We had to switch apartments last month. No big deal. I just got a few boxes from the supermarket, borrowed a luggage cart, and the whole matter was taken care of within a day.
Well, kind of. It so happened that we moved from a furnished to a unfurnished apartment to save—oh, no big deal—two thousand dollars on rent. Per month!
I had to buy a few little things to keep us afloat, like: pots, pans, dishes, cups, glasses, silverware, towels, bedding, trash cans, an iron and an ironing board, and a vacuum cleaner. Oh, and we had to rent furniture and have it delivered on a Saturday.
Still, it was manageable. It occurred to me that’s probably because I’ve got lots of moving experience. If I count every address I lived for three months or more, I’ve moved 27 times in my life, including many international moves involving seven different countries. I’m 35 years old, so that’s almost once a year.
Why, you ask?
Well, that’s a long story, of course. Much too long for this post and probably even this blog. But it got me thinking and I came up with a few reasons that are behind most of the moves. And it’s not just the Foreign Service, which was responsible for less than half of them.
1. Commune living
My parents divorced when I was one, and my mom moved into a house a that was part of a "commune" or "shared living community." Don't worry, it's not as creepy as it sounds. In the 1980s, at least in the Netherlands (and Germany), it was a trendy thing to do.
Our "commune" consisted of 51 houses built in two semi-circles. All the residents knew each other. They frequently had dinner together. Almost everyone had a vegetable garden. There were many community events. People seemed to care about each other's well-being. But everyone had their own house and a lock on the door.
We lived in four different houses within this commune. We needed more space when our family grew, less space when it shrank, and for a while we lived in large house that was a "commune within the commune", which was a bit too much commune. Strangely, we moved from house number 46 to 36, to 26, to 16.
2. Big, Bigger, Buy
Once my mom was done with commune-style living, it took her a while to figure out what she wanted. The first house she chose had sun panels on the roof, which saved electricity costs, but didn't have enough bedrooms. The next house was in a beautiful neighborhood, but the rent kept going up. She eventually bought a house, which became my ninth address. When I turned 18, I moved out.
3. The perfect student housing
Once I was on my own, it took a while to find the right student housing. Just like my mom, I didn't settle for the first place I got my hands on. I was always on the lookout for a better space, and the third one was a charm: a spacious high-ceiling room within walking distance from the city center and the University of Groningen, where I studied. Two years later, I fell in love...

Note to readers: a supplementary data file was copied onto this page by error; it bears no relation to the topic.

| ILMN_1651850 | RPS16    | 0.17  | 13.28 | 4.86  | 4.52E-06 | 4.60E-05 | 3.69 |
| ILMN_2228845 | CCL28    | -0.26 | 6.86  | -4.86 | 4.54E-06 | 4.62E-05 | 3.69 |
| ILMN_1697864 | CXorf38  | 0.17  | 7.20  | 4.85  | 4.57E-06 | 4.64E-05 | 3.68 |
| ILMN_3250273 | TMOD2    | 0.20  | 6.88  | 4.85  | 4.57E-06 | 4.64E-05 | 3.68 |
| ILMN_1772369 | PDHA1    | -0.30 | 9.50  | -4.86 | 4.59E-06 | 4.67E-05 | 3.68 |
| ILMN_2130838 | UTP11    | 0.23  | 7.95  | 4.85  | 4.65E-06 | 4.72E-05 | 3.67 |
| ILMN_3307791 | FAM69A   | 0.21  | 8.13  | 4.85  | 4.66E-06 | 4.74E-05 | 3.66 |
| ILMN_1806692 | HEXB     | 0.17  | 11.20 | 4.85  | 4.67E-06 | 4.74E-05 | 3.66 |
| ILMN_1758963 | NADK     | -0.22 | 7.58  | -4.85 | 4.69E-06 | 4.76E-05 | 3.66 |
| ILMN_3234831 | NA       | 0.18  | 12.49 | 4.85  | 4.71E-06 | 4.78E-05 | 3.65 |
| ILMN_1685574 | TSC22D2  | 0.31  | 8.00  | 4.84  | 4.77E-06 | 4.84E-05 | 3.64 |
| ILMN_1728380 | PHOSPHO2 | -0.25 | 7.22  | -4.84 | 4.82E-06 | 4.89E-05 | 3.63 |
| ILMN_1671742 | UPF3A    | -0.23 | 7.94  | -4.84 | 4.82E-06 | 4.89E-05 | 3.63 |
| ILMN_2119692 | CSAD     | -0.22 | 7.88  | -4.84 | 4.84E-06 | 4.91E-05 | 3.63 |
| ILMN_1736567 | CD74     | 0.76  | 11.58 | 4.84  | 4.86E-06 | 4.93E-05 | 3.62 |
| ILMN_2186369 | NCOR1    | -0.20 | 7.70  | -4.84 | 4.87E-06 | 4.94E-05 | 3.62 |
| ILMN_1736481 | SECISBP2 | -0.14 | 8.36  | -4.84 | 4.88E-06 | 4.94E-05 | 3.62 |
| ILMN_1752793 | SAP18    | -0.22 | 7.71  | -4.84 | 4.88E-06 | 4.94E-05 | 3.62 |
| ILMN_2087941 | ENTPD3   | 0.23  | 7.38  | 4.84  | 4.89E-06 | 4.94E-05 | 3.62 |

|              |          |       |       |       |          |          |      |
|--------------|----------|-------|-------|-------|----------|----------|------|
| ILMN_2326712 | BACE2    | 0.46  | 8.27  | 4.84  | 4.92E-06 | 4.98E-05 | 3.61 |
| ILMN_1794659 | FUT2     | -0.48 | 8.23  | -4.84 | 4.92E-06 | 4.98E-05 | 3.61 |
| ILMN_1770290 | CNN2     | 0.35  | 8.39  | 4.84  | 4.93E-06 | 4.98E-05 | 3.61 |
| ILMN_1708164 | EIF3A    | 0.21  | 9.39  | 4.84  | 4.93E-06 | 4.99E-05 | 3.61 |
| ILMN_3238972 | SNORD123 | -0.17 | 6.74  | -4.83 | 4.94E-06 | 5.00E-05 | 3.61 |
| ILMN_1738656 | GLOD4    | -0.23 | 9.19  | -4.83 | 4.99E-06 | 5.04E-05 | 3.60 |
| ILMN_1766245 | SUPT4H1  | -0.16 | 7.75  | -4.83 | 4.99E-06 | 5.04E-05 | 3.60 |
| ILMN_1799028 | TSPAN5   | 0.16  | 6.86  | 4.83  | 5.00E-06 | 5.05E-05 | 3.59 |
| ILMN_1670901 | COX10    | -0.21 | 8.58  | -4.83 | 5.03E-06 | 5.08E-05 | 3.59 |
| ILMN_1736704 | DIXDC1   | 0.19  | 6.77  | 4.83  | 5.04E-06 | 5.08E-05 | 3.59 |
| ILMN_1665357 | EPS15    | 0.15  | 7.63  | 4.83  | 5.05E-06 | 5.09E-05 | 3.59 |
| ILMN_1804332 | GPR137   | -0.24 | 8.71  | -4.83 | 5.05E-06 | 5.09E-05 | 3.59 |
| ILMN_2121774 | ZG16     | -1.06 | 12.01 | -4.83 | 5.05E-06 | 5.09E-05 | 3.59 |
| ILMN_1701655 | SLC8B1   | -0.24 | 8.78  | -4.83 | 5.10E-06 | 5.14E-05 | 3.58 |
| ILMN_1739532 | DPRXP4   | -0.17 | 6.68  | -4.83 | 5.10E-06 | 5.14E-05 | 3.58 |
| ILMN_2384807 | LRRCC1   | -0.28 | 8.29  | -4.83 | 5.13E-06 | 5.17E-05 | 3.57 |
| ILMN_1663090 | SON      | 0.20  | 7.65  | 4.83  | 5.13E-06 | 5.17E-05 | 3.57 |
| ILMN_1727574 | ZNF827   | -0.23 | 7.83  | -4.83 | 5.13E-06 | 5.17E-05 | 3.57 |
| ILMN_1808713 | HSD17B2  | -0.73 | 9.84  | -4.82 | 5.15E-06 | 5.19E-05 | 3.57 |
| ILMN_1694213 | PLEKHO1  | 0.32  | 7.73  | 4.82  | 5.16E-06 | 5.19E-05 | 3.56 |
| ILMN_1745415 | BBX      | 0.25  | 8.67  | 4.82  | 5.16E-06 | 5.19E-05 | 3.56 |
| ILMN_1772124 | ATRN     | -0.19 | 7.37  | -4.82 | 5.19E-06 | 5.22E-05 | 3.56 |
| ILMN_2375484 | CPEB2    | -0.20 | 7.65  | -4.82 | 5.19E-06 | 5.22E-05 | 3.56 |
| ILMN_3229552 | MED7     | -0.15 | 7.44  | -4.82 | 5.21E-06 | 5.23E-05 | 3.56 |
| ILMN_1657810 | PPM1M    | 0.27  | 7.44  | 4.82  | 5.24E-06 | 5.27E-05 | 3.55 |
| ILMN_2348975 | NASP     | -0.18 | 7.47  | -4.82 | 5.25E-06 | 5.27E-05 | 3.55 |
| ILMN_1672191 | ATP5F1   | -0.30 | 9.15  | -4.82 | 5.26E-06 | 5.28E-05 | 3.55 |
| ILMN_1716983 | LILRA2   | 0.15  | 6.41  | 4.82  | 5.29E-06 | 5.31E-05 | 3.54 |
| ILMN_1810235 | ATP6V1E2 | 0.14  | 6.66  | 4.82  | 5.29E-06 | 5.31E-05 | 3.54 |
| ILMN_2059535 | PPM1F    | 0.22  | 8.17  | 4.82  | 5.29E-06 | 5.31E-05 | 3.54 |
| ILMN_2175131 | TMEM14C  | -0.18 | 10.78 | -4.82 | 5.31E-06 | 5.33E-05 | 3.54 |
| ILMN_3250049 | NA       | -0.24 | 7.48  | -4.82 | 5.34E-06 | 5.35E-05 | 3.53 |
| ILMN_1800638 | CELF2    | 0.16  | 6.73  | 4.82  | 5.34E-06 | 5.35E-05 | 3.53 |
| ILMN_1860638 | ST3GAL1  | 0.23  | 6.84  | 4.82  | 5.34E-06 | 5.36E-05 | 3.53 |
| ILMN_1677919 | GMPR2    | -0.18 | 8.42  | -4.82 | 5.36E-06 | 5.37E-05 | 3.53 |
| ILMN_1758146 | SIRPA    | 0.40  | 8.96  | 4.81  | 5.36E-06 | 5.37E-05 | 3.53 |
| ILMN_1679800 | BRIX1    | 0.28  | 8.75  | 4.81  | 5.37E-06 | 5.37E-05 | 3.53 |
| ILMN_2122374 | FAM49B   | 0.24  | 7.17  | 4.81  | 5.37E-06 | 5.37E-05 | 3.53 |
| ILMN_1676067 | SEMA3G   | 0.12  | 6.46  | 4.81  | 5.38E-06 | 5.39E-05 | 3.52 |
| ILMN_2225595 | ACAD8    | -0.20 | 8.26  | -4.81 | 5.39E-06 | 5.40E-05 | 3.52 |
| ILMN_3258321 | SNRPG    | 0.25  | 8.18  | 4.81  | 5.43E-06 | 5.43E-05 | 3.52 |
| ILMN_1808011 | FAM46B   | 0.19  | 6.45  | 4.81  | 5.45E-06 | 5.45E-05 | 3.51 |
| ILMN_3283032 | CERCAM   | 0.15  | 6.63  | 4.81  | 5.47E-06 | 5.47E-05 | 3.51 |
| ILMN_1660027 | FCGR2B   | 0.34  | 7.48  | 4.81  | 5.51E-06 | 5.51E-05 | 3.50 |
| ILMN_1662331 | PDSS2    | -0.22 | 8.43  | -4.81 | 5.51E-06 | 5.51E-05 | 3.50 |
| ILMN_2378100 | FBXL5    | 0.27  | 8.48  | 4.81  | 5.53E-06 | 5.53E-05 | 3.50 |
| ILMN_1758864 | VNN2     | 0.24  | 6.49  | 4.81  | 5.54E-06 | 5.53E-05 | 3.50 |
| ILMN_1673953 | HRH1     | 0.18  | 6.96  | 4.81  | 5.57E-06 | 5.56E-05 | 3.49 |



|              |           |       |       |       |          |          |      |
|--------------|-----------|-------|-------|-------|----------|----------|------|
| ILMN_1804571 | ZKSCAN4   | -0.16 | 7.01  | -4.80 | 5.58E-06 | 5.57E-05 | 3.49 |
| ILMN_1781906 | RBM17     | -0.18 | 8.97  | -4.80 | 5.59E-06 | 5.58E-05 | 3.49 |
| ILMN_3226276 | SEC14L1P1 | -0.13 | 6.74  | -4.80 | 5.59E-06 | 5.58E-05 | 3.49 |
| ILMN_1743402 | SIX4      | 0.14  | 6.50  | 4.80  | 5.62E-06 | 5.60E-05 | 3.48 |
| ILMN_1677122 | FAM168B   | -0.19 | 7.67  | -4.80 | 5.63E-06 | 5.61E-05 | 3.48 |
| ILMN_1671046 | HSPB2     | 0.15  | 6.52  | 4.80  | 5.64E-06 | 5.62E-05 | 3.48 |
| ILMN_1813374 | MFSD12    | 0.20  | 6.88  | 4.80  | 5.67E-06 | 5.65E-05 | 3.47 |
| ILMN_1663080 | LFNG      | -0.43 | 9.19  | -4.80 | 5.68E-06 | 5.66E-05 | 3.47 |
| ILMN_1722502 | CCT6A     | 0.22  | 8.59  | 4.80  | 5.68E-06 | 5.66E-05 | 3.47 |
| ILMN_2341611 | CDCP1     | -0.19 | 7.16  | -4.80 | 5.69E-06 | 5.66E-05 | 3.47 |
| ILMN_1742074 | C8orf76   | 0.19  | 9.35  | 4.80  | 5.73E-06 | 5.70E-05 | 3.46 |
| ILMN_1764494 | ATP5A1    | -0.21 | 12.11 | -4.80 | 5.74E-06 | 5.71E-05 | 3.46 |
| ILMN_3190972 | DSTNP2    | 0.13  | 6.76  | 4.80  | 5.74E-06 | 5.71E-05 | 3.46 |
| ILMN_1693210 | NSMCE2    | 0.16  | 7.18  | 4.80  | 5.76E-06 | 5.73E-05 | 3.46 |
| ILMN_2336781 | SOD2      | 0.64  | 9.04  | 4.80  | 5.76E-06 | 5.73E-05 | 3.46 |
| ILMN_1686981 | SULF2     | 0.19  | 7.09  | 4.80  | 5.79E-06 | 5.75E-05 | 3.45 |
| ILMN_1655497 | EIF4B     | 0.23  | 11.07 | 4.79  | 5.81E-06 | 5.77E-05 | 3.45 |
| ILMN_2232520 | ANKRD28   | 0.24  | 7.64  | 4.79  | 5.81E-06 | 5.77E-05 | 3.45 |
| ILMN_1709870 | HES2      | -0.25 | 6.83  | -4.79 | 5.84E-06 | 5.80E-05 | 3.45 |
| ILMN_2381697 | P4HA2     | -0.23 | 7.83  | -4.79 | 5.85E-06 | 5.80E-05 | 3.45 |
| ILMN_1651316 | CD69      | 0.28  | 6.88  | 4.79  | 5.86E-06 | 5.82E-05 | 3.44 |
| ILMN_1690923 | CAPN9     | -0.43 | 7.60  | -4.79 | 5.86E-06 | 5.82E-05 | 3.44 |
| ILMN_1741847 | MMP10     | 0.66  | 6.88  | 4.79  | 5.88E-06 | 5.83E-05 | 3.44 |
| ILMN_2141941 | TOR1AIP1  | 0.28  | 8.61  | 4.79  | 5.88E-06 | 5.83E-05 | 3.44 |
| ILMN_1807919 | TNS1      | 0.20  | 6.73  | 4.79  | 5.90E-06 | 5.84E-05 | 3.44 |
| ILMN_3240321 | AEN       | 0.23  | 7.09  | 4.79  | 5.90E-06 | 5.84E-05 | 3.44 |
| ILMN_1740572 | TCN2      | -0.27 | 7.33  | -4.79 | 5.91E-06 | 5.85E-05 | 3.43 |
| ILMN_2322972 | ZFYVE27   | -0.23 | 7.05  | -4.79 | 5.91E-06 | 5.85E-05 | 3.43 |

4. I fell in love
I fell in love with both Amsterdam and a certain guy who lived in Greece. My best friend had already moved to Amsterdam and suddenly needed a roommate. Even though I still had to attend a few classes in Groningen, I figured that living closer to the international airport allowed me to travel to Greece quicker (not a great reason, but a reason nonetheless). So I moved to Amsterdam and commuted back to my hometown to finish my degree.
5. The student exchange thing
Like most students of International Relations, I wanted to study abroad for a semester. Canada chose me (I did not choose freezing Canada) and moved to Montreal. When I came back I was homeless, because my best friend had moved in with her boyfriend. I found a little studio in the nice part of Amsterdam, where I stayed for two years. That was my fifteenth address.
6. The Foreign Service
Then, I hooked myself to an American diplomat and moving became my middle name. Nigeria. Washington DC. Uruguay. Arlington. Pakistan. Arlington. The Netherlands. Falls Church. Armenia. Falls Church. Falls Church. Next stop: Germany.
Foreign Service postings are usually 2 or 3 years and may or may not come with a year of language training. So I'll be moving a lot more in the future. Fortunately, I have to say that the more I move, the more I enjoy it. I don't worry about packing, or living out of a suitcase, and I embrace opportunities that change brings.
It's almost like changing wardrobes--a new house offers a nice chance to do away with what I don't like anymore and try something new. Every new house is an opportunity to redecorate; every neighborhood comes with new surroundings and running trails; and there's always a different restaurant or bar to explore.